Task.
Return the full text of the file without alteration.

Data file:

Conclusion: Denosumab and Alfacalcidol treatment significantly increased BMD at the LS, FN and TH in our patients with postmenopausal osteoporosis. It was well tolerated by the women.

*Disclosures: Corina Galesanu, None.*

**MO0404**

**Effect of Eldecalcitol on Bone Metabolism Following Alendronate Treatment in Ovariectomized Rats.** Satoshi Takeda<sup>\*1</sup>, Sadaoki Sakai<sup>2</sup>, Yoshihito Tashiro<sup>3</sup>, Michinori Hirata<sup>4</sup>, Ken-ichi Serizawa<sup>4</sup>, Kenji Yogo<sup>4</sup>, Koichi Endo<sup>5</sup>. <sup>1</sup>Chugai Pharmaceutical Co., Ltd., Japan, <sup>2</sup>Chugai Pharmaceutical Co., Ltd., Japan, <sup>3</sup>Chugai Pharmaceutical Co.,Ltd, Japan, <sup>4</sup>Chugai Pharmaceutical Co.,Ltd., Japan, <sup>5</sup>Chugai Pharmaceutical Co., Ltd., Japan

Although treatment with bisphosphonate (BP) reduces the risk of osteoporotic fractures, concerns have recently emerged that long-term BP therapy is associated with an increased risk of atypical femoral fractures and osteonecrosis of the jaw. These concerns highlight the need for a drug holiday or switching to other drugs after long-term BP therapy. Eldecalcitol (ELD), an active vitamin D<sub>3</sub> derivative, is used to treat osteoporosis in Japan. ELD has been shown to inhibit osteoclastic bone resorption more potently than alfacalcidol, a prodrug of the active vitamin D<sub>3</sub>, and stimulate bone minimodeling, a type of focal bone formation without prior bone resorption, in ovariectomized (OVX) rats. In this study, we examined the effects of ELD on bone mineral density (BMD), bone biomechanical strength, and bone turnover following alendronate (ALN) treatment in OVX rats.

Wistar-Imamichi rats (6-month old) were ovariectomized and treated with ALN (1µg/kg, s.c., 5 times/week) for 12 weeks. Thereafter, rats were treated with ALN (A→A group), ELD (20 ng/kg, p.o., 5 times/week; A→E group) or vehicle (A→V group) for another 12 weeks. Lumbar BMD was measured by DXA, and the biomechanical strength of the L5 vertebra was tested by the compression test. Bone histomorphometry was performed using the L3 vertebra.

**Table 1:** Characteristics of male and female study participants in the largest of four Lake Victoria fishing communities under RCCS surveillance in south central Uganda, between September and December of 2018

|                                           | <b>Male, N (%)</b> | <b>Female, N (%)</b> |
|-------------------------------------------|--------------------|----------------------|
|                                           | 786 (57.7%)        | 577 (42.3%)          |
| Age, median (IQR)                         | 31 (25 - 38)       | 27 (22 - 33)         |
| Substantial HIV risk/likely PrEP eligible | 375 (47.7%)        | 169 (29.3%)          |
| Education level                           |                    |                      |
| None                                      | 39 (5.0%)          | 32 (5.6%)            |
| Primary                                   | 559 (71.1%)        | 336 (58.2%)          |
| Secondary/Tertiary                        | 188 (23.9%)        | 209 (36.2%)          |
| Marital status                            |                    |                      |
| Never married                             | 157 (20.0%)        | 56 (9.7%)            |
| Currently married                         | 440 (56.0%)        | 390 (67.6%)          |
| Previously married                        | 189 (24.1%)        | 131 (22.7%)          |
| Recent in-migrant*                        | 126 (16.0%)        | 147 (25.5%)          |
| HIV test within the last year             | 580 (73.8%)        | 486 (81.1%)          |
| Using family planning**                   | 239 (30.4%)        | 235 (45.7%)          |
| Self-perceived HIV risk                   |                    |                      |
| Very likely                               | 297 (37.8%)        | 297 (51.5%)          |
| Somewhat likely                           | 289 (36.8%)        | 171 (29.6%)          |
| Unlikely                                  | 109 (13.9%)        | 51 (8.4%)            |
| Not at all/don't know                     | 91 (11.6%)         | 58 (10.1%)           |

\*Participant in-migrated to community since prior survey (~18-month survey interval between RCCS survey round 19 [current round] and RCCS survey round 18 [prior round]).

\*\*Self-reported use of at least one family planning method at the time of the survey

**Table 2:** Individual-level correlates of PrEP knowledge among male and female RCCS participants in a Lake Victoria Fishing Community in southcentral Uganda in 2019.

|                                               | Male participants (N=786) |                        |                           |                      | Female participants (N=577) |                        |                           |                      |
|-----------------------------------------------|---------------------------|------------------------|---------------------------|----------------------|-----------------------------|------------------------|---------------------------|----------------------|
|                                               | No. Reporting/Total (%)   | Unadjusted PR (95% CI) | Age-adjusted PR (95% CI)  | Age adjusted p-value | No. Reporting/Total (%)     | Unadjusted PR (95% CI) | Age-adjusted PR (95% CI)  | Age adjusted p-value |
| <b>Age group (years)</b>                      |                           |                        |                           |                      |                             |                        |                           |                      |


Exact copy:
Conclusion: Denosumab and Alfacalcidol treatment significantly increased BMD at the LS, FN and TH in our patients with postmenopausal osteoporosis. It was well tolerated by the women.

*Disclosures: Corina Galesanu, None.*

**MO0404**

**Effect of Eldecalcitol on Bone Metabolism Following Alendronate Treatment in Ovariectomized Rats.** Satoshi Takeda<sup>\*1</sup>, Sadaoki Sakai<sup>2</sup>, Yoshihito Tashiro<sup>3</sup>, Michinori Hirata<sup>4</sup>, Ken-ichi Serizawa<sup>4</sup>, Kenji Yogo<sup>4</sup>, Koichi Endo<sup>5</sup>. <sup>1</sup>Chugai Pharmaceutical Co., Ltd., Japan, <sup>2</sup>Chugai Pharmaceutical Co., Ltd., Japan, <sup>3</sup>Chugai Pharmaceutical Co.,Ltd, Japan, <sup>4</sup>Chugai Pharmaceutical Co.,Ltd., Japan, <sup>5</sup>Chugai Pharmaceutical Co., Ltd., Japan

Although treatment with bisphosphonate (BP) reduces the risk of osteoporotic fractures, concerns have recently emerged that long-term BP therapy is associated with an increased risk of atypical femoral fractures and osteonecrosis of the jaw. These concerns highlight the need for a drug holiday or switching to other drugs after long-term BP therapy. Eldecalcitol (ELD), an active vitamin D<sub>3</sub> derivative, is used to treat osteoporosis in Japan. ELD has been shown to inhibit osteoclastic bone resorption more potently than alfacalcidol, a prodrug of the active vitamin D<sub>3</sub>, and stimulate bone minimodeling, a type of focal bone formation without prior bone resorption, in ovariectomized (OVX) rats. In this study, we examined the effects of ELD on bone mineral density (BMD), bone biomechanical strength, and bone turnover following alendronate (ALN) treatment in OVX rats.

Wistar-Imamichi rats (6-month old) were ovariectomized and treated with ALN (1µg/kg, s.c., 5 times/week) for 12 weeks. Thereafter, rats were treated with ALN (A→A group), ELD (20 ng/kg, p.o., 5 times/week; A→E group) or vehicle (A→V group) for another 12 weeks. Lumbar BMD was measured by DXA, and the biomechanical strength of the L5 vertebra was tested by the compression test. Bone histomorphometry was performed using the L3 vertebra.

**Table 1:** Characteristics of male and female study participants in the largest of four Lake Victoria fishing communities under RCCS surveillance in south central Uganda, between September and December of 2018

|                                           | <b>Male, N (%)</b> | <b>Female, N (%)</b> |
|-------------------------------------------|--------------------|----------------------|
|                                           | 786 (57.7%)        | 577 (42.3%)          |
| Age, median (IQR)                         | 31 (25 - 38)       | 27 (22 - 33)         |
| Substantial HIV risk/likely PrEP eligible | 375 (47.7%)        | 169 (29.3%)          |
| Education level                           |                    |                      |
| None                                      | 39 (5.0%)          | 32 (5.6%)            |
| Primary                                   | 559 (71.1%)        | 336 (58.2%)          |
| Secondary/Tertiary                        | 188 (23.9%)        | 209 (36.2%)          |
| Marital status                            |                    |                      |
| Never married                             | 157 (20.0%)        | 56 (9.7%)            |
| Currently married                         | 440 (56.0%)        | 390 (67.6%)          |
| Previously married                        | 189 (24.1%)        | 131 (22.7%)          |
| Recent in-migrant*                        | 126 (16.0%)        | 147 (25.5%)          |
| HIV test within the last year             | 580 (73.8%)        | 486 (81.1%)          |
| Using family planning**                   | 239 (30.4%)        | 235 (45.7%)          |
| Self-perceived HIV risk                   |                    |                      |
| Very likely                               | 297 (37.8%)        | 297 (51.5%)          |
| Somewhat likely                           | 289 (36.8%)        | 171 (29.6%)          |
| Unlikely                                  | 109 (13.9%)        | 51 (8.4%)            |
| Not at all/don't know                     | 91 (11.6%)         | 58 (10.1%)           |

\*Participant in-migrated to community since prior survey (~18-month survey interval between RCCS survey round 19 [current round] and RCCS survey round 18 [prior round]).

\*\*Self-reported use of at least one family planning method at the time of the survey

**Table 2:** Individual-level correlates of PrEP knowledge among male and female RCCS participants in a Lake Victoria Fishing Community in southcentral Uganda in 2019.

|                                               | Male participants (N=786) |                        |                           |                      | Female participants (N=577) |                        |                           |                      |
|-----------------------------------------------|---------------------------|------------------------|---------------------------|----------------------|-----------------------------|------------------------|---------------------------|----------------------|
|                                               | No. Reporting/Total (%)   | Unadjusted PR (95% CI) | Age-adjusted PR (95% CI)  | Age adjusted p-value | No. Reporting/Total (%)     | Unadjusted PR (95% CI) | Age-adjusted PR (95% CI)  | Age adjusted p-value |
| <b>Age group (years)</b>                      |                           |                        |                           |                      |                             |                        |                           |                      |